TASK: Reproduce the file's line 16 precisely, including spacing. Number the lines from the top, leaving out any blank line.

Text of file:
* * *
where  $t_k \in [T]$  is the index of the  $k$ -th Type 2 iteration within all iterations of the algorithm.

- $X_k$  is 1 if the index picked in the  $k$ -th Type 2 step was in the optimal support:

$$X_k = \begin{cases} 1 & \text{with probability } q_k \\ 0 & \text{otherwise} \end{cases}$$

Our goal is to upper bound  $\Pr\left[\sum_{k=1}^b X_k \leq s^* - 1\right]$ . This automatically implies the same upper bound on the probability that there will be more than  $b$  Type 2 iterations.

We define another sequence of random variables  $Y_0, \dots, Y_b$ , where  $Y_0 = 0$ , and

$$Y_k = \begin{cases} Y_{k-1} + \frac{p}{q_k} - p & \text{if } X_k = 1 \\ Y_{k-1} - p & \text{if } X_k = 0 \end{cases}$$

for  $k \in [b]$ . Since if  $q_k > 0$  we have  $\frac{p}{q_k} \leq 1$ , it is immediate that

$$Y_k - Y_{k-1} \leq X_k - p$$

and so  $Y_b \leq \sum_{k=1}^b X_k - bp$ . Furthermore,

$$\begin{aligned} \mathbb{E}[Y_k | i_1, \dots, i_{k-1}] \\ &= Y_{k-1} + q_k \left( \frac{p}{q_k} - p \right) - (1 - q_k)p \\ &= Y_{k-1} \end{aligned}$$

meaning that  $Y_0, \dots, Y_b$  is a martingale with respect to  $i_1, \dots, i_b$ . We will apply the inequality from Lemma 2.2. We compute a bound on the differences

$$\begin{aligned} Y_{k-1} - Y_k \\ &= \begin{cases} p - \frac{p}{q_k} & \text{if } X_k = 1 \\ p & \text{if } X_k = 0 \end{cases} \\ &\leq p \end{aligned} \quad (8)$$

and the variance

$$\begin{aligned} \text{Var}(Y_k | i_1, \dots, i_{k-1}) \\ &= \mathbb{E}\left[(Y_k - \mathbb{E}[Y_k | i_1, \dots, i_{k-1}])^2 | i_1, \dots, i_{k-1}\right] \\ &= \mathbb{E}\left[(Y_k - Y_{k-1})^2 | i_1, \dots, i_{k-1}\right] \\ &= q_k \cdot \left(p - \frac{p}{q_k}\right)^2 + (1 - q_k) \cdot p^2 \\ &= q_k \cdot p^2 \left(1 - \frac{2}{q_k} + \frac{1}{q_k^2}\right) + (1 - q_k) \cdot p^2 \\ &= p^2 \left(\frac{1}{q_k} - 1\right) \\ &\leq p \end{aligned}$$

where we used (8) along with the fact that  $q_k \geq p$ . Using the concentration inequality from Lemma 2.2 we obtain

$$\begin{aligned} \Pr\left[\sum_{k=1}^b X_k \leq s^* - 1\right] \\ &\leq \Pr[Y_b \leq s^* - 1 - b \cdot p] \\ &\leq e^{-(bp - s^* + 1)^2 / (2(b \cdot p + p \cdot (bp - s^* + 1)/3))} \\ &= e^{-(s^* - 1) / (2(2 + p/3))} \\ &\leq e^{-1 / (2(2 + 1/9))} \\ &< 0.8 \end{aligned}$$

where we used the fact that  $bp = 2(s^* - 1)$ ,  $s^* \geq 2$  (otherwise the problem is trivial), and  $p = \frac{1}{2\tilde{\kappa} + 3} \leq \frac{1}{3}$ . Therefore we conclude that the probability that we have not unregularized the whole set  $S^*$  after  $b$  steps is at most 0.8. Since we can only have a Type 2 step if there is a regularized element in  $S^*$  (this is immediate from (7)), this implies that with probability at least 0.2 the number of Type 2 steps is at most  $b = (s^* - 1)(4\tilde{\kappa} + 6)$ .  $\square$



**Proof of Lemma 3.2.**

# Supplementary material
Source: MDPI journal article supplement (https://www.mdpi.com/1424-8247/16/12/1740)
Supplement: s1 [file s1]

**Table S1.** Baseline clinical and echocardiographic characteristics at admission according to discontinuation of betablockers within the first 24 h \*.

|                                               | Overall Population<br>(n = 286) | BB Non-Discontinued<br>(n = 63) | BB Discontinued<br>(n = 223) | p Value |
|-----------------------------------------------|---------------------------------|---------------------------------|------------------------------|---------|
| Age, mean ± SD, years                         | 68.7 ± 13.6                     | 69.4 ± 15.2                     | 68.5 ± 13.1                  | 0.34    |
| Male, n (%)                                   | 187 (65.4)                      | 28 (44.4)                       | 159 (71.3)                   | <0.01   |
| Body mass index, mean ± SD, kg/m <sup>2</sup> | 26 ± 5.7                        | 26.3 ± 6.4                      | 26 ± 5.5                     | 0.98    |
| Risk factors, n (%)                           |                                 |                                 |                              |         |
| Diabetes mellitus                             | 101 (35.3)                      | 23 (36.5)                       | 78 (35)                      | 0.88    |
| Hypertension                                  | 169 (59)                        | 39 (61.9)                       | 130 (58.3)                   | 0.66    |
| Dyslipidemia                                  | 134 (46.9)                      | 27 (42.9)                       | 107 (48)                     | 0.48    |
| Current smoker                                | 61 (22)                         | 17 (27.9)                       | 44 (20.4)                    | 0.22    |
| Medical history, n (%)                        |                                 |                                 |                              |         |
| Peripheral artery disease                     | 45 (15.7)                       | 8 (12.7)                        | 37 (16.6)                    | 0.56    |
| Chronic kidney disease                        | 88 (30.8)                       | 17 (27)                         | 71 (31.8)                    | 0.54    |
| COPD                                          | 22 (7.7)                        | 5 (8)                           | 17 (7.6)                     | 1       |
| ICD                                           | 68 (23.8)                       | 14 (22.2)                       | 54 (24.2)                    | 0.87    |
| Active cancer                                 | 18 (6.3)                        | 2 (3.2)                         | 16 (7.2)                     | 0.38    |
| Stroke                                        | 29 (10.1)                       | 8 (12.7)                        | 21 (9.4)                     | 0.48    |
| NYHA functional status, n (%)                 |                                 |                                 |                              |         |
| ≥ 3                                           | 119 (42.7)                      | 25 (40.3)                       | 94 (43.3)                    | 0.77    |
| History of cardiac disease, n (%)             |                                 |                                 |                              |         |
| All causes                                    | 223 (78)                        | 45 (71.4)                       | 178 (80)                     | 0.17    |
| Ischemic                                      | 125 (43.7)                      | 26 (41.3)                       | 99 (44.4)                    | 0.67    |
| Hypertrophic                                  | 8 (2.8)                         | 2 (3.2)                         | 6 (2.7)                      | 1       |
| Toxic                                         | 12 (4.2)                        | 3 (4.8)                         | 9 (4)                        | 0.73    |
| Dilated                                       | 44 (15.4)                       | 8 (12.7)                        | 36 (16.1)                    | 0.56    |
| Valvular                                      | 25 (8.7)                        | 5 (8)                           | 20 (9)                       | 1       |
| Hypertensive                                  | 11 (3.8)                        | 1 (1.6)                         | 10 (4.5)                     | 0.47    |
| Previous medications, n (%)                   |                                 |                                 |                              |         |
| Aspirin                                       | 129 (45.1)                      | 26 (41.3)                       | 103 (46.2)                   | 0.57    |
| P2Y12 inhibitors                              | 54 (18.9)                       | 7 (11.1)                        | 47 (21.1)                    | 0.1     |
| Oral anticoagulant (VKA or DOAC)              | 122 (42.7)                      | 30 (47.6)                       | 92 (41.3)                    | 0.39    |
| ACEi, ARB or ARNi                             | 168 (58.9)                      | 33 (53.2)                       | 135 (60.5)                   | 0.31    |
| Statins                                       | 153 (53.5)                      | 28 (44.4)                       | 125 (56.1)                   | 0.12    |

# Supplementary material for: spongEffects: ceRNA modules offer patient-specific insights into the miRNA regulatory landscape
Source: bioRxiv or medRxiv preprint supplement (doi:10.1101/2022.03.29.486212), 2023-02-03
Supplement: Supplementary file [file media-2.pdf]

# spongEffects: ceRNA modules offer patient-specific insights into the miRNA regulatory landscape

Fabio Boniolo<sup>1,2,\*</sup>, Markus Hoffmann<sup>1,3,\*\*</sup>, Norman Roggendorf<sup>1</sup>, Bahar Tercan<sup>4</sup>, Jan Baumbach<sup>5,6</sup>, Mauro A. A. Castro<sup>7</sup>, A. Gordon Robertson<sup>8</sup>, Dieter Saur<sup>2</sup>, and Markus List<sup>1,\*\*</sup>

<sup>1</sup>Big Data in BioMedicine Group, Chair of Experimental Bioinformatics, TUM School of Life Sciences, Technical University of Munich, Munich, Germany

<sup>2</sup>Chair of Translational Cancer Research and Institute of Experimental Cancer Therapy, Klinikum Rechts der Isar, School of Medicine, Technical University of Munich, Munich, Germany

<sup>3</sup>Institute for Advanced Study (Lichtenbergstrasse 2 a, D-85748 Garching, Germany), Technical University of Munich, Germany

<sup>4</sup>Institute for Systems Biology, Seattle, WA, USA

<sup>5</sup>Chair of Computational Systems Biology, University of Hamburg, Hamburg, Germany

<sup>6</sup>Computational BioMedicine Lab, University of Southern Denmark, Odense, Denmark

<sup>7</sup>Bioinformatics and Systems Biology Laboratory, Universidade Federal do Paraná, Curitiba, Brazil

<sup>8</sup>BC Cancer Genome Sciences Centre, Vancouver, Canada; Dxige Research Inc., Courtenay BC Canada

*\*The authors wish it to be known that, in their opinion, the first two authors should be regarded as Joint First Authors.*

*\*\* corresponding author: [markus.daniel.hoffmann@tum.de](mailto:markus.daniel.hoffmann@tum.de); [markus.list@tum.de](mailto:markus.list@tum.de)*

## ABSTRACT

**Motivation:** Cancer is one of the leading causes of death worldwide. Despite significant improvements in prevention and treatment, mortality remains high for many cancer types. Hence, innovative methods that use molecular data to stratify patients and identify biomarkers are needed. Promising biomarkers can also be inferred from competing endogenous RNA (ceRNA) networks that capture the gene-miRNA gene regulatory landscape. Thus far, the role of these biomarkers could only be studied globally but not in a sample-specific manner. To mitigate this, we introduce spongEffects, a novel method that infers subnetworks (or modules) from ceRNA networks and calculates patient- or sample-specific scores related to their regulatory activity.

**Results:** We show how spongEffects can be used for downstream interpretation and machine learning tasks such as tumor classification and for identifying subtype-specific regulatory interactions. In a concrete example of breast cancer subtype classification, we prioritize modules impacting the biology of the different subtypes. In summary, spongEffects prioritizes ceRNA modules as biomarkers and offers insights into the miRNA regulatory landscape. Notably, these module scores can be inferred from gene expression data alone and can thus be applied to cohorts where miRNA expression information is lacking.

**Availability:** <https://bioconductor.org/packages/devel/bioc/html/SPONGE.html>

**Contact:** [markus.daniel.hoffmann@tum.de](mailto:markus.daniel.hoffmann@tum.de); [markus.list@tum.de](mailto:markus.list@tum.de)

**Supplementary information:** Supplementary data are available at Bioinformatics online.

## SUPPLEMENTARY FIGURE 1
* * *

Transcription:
$$\begin{aligned} \Pr\left[\sum_{k=1}^b X_k \leq s^* - 1\right] \\ &\leq \Pr[Y_b \leq s^* - 1 - b \cdot p] \\ &\leq e^{-(bp - s^* + 1)^2 / (2(b \cdot p + p \cdot (bp - s^* + 1)/3))} \\ &= e^{-(s^* - 1) / (2(2 + p/3))} \\ &\leq e^{-1 / (2(2 + 1/9))} \\ &< 0.8 \end{aligned}$$